When our industry discusses building-control systems, building-control devices, and building-control interfaces, we all imagine what those things should be. But those preconceptions limit our imagination, limit our creativity, and limit our industry. We also keep saying certain things cannot be done. We are creating systems and solutions that are expected, and we’re not being truly creative.
Consider this story: Sherlock Holmes and his assistant, Dr. Watson, were camping out in the wilderness and as the night went on, Holmes awoke and looked up. He then turned over, nudged Watson awake and asked, “What do you see?”
Knowing how detailed Sherlock can be, Watson replied, “Sherlock, I see the North Star, which has helped guide us to this spot. Beyond that I see the Big Dipper and Orion. I also can make out the edges of the Milky Way and know that there are universes expanding beyond that.”
Watson was about to continue his rapturous explanation when suddenly Sherlock elbowed him and hissed, “Watson, you idiot, someone has stolen our tent!”
This story illustrates how we sometimes see what we expect to see, but miss the answers or opportunities right in front of us because of our perceived conclusions.
For example, when I say “light switch,” most people picture this:
So if people saw this instead, they might not know what it was, even though it, too, is a light switch:
Compare our industry to the home game industry or the cell phone industry. These industries are not that different from the building control industry, so why have you seen so much advancement in home gaming and cell phones?
Why does a thermostat have to look like a thermostat? Why couldn’t everyone wear a sticker that measures their comfort and adjusts the space to that person’s sensation? When the person moves from one zone to another, that signal would be communicated to the new zone. It could also count the number of people in each zone. Temperature is only one measure of comfort, but we base our whole industry on that value.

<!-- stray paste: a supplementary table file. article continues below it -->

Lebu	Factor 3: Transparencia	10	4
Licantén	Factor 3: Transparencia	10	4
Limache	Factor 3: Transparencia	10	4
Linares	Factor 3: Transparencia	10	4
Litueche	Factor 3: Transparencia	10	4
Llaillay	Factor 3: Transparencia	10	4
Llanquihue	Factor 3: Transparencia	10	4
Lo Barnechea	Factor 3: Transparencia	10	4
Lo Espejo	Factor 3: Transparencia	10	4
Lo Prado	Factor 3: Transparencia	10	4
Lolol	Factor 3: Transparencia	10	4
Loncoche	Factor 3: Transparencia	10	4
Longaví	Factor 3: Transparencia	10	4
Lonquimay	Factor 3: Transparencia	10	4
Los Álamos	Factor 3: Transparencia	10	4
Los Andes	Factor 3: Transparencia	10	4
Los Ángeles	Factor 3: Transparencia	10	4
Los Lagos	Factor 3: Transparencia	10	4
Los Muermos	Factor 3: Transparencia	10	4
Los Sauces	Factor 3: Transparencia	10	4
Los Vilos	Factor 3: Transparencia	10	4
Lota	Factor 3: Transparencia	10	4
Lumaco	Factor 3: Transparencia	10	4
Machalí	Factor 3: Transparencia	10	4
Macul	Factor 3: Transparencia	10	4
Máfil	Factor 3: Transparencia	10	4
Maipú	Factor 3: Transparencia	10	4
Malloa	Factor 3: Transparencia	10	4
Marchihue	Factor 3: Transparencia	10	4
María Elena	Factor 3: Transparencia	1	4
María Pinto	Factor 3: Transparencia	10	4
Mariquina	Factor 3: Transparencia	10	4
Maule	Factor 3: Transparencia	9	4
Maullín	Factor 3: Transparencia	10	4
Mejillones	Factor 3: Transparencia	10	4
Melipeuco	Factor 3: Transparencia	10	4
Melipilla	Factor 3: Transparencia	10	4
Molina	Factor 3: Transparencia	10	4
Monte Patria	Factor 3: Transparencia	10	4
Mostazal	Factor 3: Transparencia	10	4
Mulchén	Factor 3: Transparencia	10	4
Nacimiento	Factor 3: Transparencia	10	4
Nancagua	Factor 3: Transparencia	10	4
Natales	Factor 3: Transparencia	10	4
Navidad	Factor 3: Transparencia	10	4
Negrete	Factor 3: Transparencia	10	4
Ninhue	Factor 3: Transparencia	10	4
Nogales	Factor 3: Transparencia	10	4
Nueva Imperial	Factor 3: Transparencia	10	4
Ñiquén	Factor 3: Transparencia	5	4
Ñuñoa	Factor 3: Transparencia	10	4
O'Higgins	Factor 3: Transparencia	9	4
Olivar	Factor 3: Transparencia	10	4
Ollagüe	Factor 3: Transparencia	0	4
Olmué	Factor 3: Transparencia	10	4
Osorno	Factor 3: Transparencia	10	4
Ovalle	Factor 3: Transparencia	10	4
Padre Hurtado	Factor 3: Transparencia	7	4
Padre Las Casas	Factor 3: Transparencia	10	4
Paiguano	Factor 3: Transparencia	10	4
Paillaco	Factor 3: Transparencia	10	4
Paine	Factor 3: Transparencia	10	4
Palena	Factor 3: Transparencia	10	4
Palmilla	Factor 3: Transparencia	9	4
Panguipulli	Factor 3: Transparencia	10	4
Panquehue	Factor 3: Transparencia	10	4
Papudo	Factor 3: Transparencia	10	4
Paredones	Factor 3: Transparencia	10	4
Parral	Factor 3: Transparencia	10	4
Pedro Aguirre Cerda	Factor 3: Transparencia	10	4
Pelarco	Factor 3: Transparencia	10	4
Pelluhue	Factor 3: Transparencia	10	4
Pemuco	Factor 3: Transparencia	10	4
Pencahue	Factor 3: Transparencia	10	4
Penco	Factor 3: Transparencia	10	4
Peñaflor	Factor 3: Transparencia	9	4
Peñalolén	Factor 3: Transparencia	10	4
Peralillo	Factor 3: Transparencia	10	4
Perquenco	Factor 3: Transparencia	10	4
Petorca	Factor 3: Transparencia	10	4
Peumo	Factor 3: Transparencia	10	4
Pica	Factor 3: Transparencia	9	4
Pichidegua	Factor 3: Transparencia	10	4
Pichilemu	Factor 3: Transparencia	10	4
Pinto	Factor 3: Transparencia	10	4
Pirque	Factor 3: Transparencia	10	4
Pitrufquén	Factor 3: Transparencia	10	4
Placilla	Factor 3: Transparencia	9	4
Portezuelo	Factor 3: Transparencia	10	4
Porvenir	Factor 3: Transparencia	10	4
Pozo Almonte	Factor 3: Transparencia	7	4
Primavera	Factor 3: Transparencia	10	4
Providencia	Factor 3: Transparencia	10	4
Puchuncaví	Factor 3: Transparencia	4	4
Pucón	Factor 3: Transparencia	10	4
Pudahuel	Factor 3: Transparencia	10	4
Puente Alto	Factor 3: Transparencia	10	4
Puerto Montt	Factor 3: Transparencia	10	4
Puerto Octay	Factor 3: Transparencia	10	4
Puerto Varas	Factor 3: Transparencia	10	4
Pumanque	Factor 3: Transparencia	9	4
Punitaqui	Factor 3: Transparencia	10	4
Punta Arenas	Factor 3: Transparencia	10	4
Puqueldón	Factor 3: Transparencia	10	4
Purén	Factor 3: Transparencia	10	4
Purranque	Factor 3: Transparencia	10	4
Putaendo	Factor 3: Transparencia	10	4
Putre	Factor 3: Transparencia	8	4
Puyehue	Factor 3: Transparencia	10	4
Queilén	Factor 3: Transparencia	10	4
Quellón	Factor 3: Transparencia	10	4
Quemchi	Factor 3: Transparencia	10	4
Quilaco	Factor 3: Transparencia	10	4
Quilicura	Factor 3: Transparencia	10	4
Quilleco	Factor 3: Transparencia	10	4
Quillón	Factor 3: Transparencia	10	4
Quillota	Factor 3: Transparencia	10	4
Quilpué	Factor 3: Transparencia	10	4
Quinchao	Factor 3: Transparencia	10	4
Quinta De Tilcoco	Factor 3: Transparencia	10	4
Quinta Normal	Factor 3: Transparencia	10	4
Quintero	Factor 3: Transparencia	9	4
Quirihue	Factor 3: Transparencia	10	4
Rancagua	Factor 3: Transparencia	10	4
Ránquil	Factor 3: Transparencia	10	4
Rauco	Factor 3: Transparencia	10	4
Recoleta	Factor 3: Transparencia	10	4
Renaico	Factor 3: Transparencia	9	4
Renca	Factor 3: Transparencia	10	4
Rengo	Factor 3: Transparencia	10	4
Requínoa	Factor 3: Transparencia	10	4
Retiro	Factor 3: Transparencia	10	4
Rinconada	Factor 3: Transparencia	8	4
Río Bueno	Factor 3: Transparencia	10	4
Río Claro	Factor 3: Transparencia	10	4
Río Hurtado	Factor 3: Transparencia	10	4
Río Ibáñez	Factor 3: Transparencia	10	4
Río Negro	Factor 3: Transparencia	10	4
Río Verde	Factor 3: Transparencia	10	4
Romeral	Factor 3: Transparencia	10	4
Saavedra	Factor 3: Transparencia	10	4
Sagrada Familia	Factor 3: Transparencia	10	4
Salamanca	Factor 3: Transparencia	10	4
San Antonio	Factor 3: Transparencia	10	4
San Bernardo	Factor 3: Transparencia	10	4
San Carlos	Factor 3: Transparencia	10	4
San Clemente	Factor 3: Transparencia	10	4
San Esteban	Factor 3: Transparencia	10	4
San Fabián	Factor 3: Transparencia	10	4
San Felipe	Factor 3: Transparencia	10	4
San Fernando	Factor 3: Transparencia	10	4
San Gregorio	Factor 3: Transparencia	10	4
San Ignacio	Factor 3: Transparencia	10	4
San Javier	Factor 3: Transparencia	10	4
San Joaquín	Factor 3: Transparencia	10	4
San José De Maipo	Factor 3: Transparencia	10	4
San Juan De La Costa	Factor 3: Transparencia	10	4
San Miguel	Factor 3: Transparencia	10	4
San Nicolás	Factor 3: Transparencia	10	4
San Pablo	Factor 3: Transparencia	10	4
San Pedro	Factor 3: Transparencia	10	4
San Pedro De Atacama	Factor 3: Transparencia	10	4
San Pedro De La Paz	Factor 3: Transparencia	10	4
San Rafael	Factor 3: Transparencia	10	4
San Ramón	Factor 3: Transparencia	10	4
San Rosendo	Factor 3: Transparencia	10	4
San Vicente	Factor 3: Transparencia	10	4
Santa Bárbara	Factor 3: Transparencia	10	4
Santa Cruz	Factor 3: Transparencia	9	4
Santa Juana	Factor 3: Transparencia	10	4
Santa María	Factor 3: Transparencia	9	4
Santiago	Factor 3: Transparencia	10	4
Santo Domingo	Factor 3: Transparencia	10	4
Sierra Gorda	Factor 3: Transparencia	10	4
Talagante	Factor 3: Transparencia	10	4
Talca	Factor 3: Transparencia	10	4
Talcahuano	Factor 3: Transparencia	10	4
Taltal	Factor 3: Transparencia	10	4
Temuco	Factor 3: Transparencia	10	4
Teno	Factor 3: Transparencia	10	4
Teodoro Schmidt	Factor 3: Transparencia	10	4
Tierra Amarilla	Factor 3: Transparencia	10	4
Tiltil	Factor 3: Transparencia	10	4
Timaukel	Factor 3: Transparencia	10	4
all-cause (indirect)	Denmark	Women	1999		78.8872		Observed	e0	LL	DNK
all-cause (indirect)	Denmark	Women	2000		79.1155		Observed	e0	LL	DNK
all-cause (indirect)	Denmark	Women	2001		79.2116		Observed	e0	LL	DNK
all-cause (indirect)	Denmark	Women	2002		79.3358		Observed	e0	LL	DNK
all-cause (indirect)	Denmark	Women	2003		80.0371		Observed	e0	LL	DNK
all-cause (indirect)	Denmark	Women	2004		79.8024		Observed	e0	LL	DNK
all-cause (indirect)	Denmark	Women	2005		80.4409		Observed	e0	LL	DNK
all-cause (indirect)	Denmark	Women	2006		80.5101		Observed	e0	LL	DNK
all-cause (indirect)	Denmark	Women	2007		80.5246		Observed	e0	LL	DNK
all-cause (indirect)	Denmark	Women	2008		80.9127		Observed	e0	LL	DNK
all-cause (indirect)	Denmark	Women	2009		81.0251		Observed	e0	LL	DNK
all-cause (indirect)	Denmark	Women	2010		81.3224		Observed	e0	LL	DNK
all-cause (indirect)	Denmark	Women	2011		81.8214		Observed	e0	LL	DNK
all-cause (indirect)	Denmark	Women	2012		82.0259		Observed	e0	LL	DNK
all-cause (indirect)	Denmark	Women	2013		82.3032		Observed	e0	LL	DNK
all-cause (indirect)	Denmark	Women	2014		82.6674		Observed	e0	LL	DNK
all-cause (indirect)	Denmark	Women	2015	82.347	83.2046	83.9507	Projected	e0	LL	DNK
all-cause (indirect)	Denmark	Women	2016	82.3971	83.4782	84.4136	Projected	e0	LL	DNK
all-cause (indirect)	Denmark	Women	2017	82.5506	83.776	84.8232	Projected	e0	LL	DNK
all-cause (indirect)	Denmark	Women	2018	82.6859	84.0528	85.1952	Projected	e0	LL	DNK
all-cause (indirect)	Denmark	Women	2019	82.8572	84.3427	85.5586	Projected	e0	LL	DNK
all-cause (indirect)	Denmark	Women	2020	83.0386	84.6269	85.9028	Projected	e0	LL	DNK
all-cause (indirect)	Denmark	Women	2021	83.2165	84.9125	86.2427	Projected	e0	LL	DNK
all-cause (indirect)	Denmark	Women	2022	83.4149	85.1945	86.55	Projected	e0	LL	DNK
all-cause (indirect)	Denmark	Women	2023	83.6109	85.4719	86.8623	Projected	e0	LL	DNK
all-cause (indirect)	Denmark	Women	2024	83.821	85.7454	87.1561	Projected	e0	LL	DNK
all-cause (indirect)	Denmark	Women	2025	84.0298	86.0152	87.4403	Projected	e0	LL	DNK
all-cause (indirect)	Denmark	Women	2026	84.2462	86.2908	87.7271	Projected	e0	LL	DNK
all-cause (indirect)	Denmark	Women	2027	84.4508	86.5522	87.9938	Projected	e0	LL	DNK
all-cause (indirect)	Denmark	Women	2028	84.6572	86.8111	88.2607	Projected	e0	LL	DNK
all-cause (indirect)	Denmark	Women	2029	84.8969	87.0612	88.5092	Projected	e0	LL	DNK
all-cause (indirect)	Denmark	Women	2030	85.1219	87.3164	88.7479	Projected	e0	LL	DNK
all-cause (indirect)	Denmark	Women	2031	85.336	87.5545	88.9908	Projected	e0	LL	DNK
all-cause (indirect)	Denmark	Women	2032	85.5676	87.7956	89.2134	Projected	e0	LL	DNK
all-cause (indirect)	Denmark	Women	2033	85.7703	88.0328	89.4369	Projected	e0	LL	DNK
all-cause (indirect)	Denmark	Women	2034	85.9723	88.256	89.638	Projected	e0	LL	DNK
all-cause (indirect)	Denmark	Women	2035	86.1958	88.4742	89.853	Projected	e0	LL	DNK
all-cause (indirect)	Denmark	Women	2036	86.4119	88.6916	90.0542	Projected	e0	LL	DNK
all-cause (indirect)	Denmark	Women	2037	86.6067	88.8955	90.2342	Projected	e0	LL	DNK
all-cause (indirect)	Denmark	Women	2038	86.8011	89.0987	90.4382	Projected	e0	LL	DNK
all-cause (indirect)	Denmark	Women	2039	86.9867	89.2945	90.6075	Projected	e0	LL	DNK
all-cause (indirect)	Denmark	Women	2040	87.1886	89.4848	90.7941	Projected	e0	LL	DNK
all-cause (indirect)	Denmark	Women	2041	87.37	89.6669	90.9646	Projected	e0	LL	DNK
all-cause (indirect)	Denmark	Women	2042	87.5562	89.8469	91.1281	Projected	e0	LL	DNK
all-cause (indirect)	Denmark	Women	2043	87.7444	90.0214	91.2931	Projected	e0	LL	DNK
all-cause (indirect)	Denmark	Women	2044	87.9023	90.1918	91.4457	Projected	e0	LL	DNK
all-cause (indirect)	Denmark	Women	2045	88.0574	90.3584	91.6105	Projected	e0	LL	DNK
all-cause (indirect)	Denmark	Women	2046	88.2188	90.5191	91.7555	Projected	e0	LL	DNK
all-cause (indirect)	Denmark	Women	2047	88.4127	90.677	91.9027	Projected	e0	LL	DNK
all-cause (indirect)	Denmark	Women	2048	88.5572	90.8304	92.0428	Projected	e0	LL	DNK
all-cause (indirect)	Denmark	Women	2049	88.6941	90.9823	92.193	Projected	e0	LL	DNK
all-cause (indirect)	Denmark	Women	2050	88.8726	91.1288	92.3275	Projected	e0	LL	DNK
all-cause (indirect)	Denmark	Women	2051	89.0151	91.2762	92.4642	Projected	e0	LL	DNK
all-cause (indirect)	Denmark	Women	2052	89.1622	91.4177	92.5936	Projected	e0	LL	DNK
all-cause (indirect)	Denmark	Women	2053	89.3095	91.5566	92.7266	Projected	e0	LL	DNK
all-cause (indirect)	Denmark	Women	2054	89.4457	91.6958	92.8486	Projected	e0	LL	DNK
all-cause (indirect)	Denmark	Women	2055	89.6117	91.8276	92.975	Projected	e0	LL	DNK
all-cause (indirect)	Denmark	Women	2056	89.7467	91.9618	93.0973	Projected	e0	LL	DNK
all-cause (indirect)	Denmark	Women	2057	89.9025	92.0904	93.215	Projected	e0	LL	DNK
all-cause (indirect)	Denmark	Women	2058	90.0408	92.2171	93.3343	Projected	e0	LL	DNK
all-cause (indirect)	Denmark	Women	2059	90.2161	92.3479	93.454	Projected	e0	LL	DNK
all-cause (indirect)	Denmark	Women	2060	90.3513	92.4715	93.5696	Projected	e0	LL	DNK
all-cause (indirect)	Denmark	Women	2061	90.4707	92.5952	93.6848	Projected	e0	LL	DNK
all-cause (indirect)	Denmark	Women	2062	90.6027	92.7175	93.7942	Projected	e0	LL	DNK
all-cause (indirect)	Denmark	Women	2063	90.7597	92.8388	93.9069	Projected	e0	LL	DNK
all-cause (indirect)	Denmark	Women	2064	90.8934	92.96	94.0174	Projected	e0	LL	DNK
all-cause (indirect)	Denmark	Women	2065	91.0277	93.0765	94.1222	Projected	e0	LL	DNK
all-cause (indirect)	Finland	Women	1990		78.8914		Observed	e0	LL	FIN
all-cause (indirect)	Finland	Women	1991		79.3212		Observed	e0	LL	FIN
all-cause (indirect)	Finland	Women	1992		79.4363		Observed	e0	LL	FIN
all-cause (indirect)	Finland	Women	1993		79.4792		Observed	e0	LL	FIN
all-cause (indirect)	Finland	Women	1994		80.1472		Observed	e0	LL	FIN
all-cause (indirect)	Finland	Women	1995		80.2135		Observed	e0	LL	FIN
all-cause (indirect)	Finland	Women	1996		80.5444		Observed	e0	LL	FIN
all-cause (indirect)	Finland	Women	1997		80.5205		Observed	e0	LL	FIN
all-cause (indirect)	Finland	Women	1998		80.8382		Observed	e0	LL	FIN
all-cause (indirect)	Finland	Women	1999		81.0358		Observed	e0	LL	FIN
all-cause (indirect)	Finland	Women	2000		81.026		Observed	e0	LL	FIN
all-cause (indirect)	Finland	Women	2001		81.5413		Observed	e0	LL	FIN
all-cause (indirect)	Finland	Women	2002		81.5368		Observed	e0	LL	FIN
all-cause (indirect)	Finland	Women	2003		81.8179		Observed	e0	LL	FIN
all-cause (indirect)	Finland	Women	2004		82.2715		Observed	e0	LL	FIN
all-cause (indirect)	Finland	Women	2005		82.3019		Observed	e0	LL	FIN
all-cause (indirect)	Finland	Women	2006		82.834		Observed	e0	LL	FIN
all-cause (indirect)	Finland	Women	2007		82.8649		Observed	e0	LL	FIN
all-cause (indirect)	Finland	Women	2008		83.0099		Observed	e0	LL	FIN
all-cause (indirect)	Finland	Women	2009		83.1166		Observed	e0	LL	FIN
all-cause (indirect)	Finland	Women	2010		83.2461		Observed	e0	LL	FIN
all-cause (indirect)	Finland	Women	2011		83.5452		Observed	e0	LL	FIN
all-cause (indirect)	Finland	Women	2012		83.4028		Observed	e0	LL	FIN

And then there are the expectations from a customer point of view. We need to quit “dumbing down” our expectations and branding what systems are supposed to look like. We have done this for so long that the people who occupy our buildings expect the product we deliver to look a certain way. When it does not, they have a poor perception. This only further encourages the creativity-limiting behavior. Instead of limiting ourselves and our industry, we can and should teach our clients and expand their expectations.
If customers in the home gaming and cell phone industry can adapt and request new directions, so can we. We just need to push the envelope. Don’t miss the tree when you look at the forest and when someone asks you what you see, take a minute and think about what they are truly asking.
Thanks to the book Jesus Life Coach by Laurie Beth Jones for the Sherlock Holmes story.
J. Christopher Larry PE, CEM, CEP, CIPE, LEED AP, is director of energy engineering for Teng Solutions, Richmond, VA. He has spent more than 20 years working to minimize the building industry’s energy and environmental footprint through refining building design, building modeling, performance optimization, and intelligent controls. He has held numerous positions within the American Society of Heating, Refrigerating and Air-Conditioning Engineers (ASHRAE), including chairman of the Chapter Technology Transfer Committee and chairman for Technical, Energy and Governmental Activities. He is past president of the Association of Energy Engineers (AEE) and instructs the certified energy manager training course for AEE. He is the current chairman for the Building Intelligent Quotient (BIQ) within the Continental Automated Buildings Association (CABA) and also is a member of the Zero Energy Consortium.